There is a tradition in documentary filmmaking that, in effect, the filmmaker is "on the side of the good", ie, giving voice to the dispossessed and the oppressed, to those who otherwise would not have a voice to speak of. That was the reason why The Act of Killing, Joshua Oppenheimer and Christine Cynn's disturbing non-fiction look at the Indonesian massacres of 1965-1966, became a cause célèbre after its 2012 release.
Here was a documentary that told its story through the voice of the oppressors who remained in local power since, dealing with the killings through the nightmarishly audacious approach of allowing them to recreate their actions through fictional reenactments in the manner of Hollywood cinema. The victims were not heard throughout. This was partly by default, as the survivors and relatives of the government-sanctioned massacre feared repercussions or retaliations from speaking out against the perpetrators, but also partly by design; Mr. Oppenheimer was striving for a freer, less structured approach, one he prefers to call "non-fiction" rather than "documentary", creating in the process a sort of "negative space" that revealed the presence of the victims through their very absence.
At first sight, The Look of Silence seems to be making up for that, shifting the approach from the criminals bragging about their cruelty to one victim who stands up for all of them. Optometrist Adi Rukun wasn't born yet at the time of the massacres, but even his own birth - two years after Ramli, the brother he never met, was killed - makes him a stand-in both for those who survived and for those who only now begin understanding what this was all about.
Mr. Oppenheimer's camera follows Mr. Rukun from house to house in a quixotic desire to make peace with the perpetrators and hope for some sort of reconciliation that may help salve the wounds left open. The footage was mostly shot after The Act of Killing was edited but before it was released, suggesting a film made in the same limbo that the people it depicts are living through: a work made in hope that the social dynamics in Indonesia would change enough for a true conversation on the subject to rise to the surface, but unsure whether its very existence would be enough to kickstart it.
Mr. Rukun asks much harder, pointed questions than Mr. Oppenheimer did, and in the knee-jerk reactions to his probing the viewer finds both an explanation of why The Act of Killing was the way it was and the next step in the tale's development. The Act of Killing was a film about flaunting your power, about the power of propaganda and fear as seen from the victors' side; The Look of Silence sees that power from the side of the vanquished and talks of stoicity and despair in the face of it. Nearly everyone says to Mr. Rukun throughout that "the past is past", that there's little point in going over it yet again, in sticking your finger in an open wound only to make it worse; better to forget and move on but, of course, the duty of history and memory make sure you can't and shouldn't forget, since it's haunting us here, every day.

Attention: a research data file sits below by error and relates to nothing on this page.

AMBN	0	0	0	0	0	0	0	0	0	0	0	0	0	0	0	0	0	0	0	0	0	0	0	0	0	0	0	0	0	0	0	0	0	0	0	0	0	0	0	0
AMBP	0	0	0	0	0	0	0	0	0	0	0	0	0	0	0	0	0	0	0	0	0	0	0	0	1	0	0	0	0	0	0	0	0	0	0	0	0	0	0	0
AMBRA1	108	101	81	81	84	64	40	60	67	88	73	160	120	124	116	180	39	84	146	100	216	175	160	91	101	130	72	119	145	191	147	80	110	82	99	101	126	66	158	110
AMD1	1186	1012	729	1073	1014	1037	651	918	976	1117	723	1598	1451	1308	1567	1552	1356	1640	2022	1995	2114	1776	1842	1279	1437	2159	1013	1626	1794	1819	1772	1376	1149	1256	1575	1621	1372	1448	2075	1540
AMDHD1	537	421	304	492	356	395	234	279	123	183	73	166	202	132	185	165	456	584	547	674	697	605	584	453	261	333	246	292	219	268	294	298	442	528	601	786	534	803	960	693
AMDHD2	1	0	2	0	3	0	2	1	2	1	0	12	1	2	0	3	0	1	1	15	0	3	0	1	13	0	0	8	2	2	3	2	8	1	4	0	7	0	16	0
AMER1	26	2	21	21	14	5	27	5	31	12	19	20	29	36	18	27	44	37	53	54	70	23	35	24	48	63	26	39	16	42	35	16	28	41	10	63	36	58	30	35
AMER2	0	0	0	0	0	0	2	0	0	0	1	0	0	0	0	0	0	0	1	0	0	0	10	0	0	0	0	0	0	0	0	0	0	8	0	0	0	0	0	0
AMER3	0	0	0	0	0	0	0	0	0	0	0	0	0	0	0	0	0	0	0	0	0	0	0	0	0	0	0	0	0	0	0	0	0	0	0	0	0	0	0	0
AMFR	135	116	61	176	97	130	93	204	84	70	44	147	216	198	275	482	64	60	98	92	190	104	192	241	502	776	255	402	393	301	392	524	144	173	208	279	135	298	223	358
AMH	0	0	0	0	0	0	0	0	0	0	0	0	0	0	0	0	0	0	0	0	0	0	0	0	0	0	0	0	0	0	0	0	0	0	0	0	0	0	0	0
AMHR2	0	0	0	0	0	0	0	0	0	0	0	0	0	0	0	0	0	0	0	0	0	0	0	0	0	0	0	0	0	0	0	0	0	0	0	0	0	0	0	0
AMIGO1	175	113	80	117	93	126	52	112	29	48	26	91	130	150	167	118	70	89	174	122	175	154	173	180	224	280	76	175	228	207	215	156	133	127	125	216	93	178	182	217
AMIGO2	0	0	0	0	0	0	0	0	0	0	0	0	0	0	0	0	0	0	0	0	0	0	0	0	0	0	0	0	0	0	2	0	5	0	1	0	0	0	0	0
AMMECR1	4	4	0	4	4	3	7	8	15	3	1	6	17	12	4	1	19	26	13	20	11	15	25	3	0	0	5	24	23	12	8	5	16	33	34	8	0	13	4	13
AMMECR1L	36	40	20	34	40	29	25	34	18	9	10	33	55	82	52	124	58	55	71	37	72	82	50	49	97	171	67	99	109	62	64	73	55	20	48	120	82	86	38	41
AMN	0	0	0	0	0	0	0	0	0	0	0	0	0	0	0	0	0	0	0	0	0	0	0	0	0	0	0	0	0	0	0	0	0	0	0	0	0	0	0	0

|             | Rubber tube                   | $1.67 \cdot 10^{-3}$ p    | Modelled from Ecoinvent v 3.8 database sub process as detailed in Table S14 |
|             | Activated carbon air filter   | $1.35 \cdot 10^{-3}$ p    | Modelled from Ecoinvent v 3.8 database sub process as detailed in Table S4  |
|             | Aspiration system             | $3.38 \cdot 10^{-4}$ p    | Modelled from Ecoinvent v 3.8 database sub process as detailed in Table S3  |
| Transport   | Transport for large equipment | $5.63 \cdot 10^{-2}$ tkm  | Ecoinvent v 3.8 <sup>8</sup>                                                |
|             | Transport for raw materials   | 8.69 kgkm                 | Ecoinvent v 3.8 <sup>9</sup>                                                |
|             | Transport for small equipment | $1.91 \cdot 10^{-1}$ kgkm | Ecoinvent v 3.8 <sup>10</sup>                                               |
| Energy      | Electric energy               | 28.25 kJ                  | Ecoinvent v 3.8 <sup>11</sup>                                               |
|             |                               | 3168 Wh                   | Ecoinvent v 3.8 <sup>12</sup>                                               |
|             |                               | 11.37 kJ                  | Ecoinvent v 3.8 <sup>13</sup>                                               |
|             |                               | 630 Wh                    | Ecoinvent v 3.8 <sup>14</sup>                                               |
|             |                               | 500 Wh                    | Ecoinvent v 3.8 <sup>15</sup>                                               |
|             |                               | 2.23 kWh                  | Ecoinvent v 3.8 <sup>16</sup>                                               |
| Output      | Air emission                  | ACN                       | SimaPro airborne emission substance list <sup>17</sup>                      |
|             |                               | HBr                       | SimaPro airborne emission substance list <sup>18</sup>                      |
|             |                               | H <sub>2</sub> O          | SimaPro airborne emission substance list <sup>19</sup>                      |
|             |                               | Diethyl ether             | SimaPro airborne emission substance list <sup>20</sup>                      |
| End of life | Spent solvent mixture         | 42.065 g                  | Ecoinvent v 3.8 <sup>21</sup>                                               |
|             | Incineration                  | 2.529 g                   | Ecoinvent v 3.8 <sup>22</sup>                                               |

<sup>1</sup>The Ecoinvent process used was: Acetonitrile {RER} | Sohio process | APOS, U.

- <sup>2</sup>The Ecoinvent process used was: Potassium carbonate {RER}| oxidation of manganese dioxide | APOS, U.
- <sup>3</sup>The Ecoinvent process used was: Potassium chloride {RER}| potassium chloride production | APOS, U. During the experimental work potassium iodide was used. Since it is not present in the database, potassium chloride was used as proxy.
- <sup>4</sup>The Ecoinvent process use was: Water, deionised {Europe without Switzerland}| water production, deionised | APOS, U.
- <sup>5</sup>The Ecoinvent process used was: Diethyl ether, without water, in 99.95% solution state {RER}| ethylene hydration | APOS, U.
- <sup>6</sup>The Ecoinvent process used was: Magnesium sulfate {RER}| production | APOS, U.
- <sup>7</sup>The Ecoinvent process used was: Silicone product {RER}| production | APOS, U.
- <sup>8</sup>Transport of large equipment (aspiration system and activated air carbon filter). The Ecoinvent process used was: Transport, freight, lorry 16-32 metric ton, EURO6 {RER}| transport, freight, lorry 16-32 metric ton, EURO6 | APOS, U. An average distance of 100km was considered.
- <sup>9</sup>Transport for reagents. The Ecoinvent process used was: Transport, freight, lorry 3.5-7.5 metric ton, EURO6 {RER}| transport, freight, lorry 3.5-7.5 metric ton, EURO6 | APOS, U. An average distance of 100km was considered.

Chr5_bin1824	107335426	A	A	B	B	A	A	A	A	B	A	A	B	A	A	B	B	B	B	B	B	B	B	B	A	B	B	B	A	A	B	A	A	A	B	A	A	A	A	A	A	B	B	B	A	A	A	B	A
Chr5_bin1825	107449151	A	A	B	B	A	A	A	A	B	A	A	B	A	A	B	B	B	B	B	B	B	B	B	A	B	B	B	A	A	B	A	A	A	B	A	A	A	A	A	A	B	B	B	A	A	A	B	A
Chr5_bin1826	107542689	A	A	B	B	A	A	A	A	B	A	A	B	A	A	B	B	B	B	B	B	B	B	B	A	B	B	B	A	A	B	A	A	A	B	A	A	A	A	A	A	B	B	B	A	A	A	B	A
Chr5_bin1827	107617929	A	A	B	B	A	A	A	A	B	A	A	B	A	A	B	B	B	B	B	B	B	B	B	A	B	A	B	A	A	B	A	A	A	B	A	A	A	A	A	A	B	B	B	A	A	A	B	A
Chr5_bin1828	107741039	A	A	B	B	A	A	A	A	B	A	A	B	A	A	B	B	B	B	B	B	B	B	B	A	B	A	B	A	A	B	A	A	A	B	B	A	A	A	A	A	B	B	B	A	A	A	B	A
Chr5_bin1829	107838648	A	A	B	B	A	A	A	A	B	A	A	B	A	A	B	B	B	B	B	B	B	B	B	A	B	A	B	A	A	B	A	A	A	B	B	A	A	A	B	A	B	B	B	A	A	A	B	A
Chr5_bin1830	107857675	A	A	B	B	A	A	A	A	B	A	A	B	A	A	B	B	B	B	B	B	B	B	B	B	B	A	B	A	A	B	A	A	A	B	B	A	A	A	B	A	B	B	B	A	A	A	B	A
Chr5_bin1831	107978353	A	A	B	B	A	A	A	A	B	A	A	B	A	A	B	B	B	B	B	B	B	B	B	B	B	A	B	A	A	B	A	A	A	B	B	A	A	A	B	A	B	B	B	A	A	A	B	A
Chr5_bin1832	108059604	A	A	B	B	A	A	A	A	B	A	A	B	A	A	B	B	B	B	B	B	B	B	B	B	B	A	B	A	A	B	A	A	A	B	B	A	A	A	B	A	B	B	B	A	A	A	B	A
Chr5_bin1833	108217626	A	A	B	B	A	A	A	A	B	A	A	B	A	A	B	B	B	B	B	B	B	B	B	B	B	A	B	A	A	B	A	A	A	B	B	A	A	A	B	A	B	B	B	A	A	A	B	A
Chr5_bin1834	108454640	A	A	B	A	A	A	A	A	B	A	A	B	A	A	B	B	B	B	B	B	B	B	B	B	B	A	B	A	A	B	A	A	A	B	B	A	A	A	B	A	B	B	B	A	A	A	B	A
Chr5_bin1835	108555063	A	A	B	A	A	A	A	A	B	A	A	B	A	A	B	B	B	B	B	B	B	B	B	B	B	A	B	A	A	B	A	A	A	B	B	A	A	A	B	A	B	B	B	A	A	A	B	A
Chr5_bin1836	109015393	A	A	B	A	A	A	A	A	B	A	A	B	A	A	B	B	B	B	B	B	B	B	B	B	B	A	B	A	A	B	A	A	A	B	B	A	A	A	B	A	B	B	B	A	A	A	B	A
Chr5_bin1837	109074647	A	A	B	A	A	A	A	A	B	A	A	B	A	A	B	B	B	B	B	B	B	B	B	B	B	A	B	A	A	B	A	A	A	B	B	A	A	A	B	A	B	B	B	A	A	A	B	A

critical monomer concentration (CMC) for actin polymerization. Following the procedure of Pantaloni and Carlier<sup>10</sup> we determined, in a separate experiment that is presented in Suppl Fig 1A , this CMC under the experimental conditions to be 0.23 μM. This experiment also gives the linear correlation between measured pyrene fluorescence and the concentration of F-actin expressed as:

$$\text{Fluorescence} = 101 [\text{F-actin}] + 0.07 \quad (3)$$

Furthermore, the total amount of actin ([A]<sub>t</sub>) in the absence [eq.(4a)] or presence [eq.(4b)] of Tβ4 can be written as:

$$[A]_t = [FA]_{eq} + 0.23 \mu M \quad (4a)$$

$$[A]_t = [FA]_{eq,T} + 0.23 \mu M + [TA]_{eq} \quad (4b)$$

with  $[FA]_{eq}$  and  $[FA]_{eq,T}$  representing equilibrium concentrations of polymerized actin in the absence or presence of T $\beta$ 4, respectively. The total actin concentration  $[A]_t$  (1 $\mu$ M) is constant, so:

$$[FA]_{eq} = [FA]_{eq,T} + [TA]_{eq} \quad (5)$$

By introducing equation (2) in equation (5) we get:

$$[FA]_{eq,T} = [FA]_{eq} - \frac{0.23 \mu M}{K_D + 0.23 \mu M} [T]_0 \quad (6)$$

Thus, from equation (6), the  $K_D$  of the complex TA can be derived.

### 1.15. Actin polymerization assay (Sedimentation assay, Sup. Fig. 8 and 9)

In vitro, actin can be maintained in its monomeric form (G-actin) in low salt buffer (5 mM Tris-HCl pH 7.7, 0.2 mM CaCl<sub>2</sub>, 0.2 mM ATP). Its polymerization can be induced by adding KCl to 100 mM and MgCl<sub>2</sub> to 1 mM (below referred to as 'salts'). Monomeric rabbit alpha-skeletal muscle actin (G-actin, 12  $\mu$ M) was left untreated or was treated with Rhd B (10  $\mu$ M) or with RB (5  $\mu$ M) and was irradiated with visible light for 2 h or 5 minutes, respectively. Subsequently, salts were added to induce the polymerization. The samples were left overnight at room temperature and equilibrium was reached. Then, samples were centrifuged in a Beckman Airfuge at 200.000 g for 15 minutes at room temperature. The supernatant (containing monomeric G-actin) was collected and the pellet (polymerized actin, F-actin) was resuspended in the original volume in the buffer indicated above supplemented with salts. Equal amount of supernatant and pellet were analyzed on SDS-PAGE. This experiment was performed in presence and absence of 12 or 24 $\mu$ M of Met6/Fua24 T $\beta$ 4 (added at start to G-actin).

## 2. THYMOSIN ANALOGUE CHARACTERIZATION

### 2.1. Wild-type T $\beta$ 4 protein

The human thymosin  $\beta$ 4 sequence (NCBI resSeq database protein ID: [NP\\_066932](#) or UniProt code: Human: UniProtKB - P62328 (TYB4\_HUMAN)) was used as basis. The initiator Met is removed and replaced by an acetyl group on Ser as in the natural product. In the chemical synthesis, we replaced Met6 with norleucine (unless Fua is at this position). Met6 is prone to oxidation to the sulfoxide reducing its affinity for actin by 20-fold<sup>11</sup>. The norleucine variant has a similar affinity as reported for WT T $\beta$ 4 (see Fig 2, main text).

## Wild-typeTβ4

For Mr. Oppenheimer, again co-directing with a local who remains anonymous in the credits, as do all of the Indonesian crew, The Look of Silence slowly transcends the idea of mere justification to become a ritual wound-cleansing exercise, a diagnosis to see how deep it goes. It's clear that at the time of the shoot it was still raw and bleeding profusely; the powerful are genuinely taken aback by this mild attack on their power, wishing they could just make it go away; the survivors and victims become mostly terrified that one of them is standing up to ask difficult questions.
Mr. Oppenheimer's camera works both as protection and back-up for Mr. Rukun, who gains something of the heroic stature of so many classic Hollywood films where the lead stands up for what's right against the cruelty and injustice that surround him. It's yet another reference to the powers of narrative fiction that underlined The Act of Killing, and to the power of Hollywood as a whole to shape our relationship with the world. Like its predecessor, but in a more conventional, less challenging way, The Look of Silence shakes that foundation by simply asking us to look at these images and see them for what they are. There are no answers coming out of this movie; just a conversation starting, or rather moving forward and moving on.
THE LOOK OF SILENCE
Denmark, Indonesia, Finland, Norway, United Kingdom, Germany, Netherlands, 2014
Directors Joshua Oppenheimer and Anonymous; cinematographer Lars Skree (colour); editor Niels Pagh Andersen; producer Signe Byrge Sørensen; production companies Final Cut For Real in co-production with Anonymous, Making Movies and Piraya Films, in association with Spring Films, ZDF, ARTE, DRK, NRK, YLE, VPRO and Vision Machine Film Project
screened June 3rd 2015, Medeia Monumental 4, Lisbon, distributor press screening